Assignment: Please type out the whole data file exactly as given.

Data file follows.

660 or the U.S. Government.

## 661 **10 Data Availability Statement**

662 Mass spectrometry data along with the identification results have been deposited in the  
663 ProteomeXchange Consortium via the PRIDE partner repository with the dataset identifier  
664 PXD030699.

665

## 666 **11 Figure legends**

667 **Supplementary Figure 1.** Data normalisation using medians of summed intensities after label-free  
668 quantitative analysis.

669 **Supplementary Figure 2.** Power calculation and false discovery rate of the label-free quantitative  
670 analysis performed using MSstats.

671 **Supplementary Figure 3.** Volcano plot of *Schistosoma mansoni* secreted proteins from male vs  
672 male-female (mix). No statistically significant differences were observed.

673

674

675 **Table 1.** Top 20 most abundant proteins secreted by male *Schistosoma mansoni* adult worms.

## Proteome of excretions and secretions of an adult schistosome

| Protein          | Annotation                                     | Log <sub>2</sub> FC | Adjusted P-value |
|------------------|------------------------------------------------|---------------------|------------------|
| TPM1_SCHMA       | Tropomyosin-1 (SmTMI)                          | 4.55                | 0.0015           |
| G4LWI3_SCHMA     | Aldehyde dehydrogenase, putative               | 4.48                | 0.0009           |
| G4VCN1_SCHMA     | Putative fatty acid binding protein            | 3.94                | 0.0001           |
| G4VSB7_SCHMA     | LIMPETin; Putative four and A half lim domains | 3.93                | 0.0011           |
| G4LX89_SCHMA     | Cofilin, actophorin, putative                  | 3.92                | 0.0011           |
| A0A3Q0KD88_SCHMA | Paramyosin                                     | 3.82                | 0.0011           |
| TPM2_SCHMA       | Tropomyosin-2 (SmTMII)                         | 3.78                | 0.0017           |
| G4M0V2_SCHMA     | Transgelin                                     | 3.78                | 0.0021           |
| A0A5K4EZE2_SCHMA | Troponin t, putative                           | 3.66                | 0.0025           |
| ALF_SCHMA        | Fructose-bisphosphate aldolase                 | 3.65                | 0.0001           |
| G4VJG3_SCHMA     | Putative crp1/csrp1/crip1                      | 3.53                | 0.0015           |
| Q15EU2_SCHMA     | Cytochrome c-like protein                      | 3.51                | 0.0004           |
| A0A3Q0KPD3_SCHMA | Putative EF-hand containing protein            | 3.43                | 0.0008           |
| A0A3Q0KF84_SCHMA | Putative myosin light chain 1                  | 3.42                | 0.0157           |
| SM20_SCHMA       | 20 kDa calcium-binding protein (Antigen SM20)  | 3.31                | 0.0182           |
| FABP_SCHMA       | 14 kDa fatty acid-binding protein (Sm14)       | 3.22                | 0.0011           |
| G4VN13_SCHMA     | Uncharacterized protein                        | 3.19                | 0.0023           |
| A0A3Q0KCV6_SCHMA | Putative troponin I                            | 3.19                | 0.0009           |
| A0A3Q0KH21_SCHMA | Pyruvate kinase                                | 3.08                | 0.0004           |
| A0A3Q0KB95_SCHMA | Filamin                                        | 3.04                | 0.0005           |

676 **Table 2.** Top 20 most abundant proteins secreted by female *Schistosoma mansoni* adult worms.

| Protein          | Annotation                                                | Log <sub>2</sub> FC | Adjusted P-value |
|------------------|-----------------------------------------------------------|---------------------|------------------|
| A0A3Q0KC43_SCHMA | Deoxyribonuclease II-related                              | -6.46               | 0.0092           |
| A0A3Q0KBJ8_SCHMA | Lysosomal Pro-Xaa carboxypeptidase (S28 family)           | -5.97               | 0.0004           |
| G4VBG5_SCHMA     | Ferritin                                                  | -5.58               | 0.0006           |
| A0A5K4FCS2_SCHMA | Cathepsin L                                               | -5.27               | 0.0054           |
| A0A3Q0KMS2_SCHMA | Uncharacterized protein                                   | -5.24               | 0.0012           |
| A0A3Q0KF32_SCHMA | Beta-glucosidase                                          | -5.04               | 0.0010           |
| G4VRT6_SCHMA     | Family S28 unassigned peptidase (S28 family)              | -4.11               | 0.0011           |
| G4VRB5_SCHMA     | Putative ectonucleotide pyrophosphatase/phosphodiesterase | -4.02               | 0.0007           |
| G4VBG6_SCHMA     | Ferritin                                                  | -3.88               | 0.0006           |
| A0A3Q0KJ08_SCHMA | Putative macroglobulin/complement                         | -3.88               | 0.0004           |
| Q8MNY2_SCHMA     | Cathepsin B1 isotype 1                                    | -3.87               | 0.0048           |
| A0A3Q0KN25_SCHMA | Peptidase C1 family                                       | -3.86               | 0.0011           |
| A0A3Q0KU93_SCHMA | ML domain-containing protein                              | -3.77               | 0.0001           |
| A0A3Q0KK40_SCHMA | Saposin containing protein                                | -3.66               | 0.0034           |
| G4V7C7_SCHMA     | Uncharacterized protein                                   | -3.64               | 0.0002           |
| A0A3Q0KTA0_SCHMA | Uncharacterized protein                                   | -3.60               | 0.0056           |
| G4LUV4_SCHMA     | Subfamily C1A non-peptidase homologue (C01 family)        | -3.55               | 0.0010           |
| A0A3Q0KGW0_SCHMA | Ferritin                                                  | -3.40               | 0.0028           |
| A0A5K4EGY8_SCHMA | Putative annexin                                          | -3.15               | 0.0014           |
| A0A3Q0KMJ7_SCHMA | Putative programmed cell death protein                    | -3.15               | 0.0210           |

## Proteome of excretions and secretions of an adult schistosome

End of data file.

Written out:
660 or the U.S. Government.

## 661 **10 Data Availability Statement**

662 Mass spectrometry data along with the identification results have been deposited in the  
663 ProteomeXchange Consortium via the PRIDE partner repository with the dataset identifier  
664 PXD030699.

665

## 666 **11 Figure legends**

667 **Supplementary Figure 1.** Data normalisation using medians of summed intensities after label-free  
668 quantitative analysis.

669 **Supplementary Figure 2.** Power calculation and false discovery rate of the label-free quantitative  
670 analysis performed using MSstats.

671 **Supplementary Figure 3.** Volcano plot of *Schistosoma mansoni* secreted proteins from male vs  
672 male-female (mix). No statistically significant differences were observed.

673

674

675 **Table 1.** Top 20 most abundant proteins secreted by male *Schistosoma mansoni* adult worms.

## Proteome of excretions and secretions of an adult schistosome

| Protein          | Annotation                                     | Log <sub>2</sub> FC | Adjusted P-value |
|------------------|------------------------------------------------|---------------------|------------------|
| TPM1_SCHMA       | Tropomyosin-1 (SmTMI)                          | 4.55                | 0.0015           |
| G4LWI3_SCHMA     | Aldehyde dehydrogenase, putative               | 4.48                | 0.0009           |
| G4VCN1_SCHMA     | Putative fatty acid binding protein            | 3.94                | 0.0001           |
| G4VSB7_SCHMA     | LIMPETin; Putative four and A half lim domains | 3.93                | 0.0011           |
| G4LX89_SCHMA     | Cofilin, actophorin, putative                  | 3.92                | 0.0011           |
| A0A3Q0KD88_SCHMA | Paramyosin                                     | 3.82                | 0.0011           |
| TPM2_SCHMA       | Tropomyosin-2 (SmTMII)                         | 3.78                | 0.0017           |
| G4M0V2_SCHMA     | Transgelin                                     | 3.78                | 0.0021           |
| A0A5K4EZE2_SCHMA | Troponin t, putative                           | 3.66                | 0.0025           |
| ALF_SCHMA        | Fructose-bisphosphate aldolase                 | 3.65                | 0.0001           |
| G4VJG3_SCHMA     | Putative crp1/csrp1/crip1                      | 3.53                | 0.0015           |
| Q15EU2_SCHMA     | Cytochrome c-like protein                      | 3.51                | 0.0004           |
| A0A3Q0KPD3_SCHMA | Putative EF-hand containing protein            | 3.43                | 0.0008           |
| A0A3Q0KF84_SCHMA | Putative myosin light chain 1                  | 3.42                | 0.0157           |
| SM20_SCHMA       | 20 kDa calcium-binding protein (Antigen SM20)  | 3.31                | 0.0182           |
| FABP_SCHMA       | 14 kDa fatty acid-binding protein (Sm14)       | 3.22                | 0.0011           |
| G4VN13_SCHMA     | Uncharacterized protein                        | 3.19                | 0.0023           |
| A0A3Q0KCV6_SCHMA | Putative troponin I                            | 3.19                | 0.0009           |
| A0A3Q0KH21_SCHMA | Pyruvate kinase                                | 3.08                | 0.0004           |
| A0A3Q0KB95_SCHMA | Filamin                                        | 3.04                | 0.0005           |

676 **Table 2.** Top 20 most abundant proteins secreted by female *Schistosoma mansoni* adult worms.

| Protein          | Annotation                                                | Log <sub>2</sub> FC | Adjusted P-value |
|------------------|-----------------------------------------------------------|---------------------|------------------|
| A0A3Q0KC43_SCHMA | Deoxyribonuclease II-related                              | -6.46               | 0.0092           |
| A0A3Q0KBJ8_SCHMA | Lysosomal Pro-Xaa carboxypeptidase (S28 family)           | -5.97               | 0.0004           |
| G4VBG5_SCHMA     | Ferritin                                                  | -5.58               | 0.0006           |
| A0A5K4FCS2_SCHMA | Cathepsin L                                               | -5.27               | 0.0054           |
| A0A3Q0KMS2_SCHMA | Uncharacterized protein                                   | -5.24               | 0.0012           |
| A0A3Q0KF32_SCHMA | Beta-glucosidase                                          | -5.04               | 0.0010           |
| G4VRT6_SCHMA     | Family S28 unassigned peptidase (S28 family)              | -4.11               | 0.0011           |
| G4VRB5_SCHMA     | Putative ectonucleotide pyrophosphatase/phosphodiesterase | -4.02               | 0.0007           |
| G4VBG6_SCHMA     | Ferritin                                                  | -3.88               | 0.0006           |
| A0A3Q0KJ08_SCHMA | Putative macroglobulin/complement                         | -3.88               | 0.0004           |
| Q8MNY2_SCHMA     | Cathepsin B1 isotype 1                                    | -3.87               | 0.0048           |
| A0A3Q0KN25_SCHMA | Peptidase C1 family                                       | -3.86               | 0.0011           |
| A0A3Q0KU93_SCHMA | ML domain-containing protein                              | -3.77               | 0.0001           |
| A0A3Q0KK40_SCHMA | Saposin containing protein                                | -3.66               | 0.0034           |
| G4V7C7_SCHMA     | Uncharacterized protein                                   | -3.64               | 0.0002           |
| A0A3Q0KTA0_SCHMA | Uncharacterized protein                                   | -3.60               | 0.0056           |
| G4LUV4_SCHMA     | Subfamily C1A non-peptidase homologue (C01 family)        | -3.55               | 0.0010           |
| A0A3Q0KGW0_SCHMA | Ferritin                                                  | -3.40               | 0.0028           |
| A0A5K4EGY8_SCHMA | Putative annexin                                          | -3.15               | 0.0014           |
| A0A3Q0KMJ7_SCHMA | Putative programmed cell death protein                    | -3.15               | 0.0210           |

## Proteome of excretions and secretions of an adult schistosome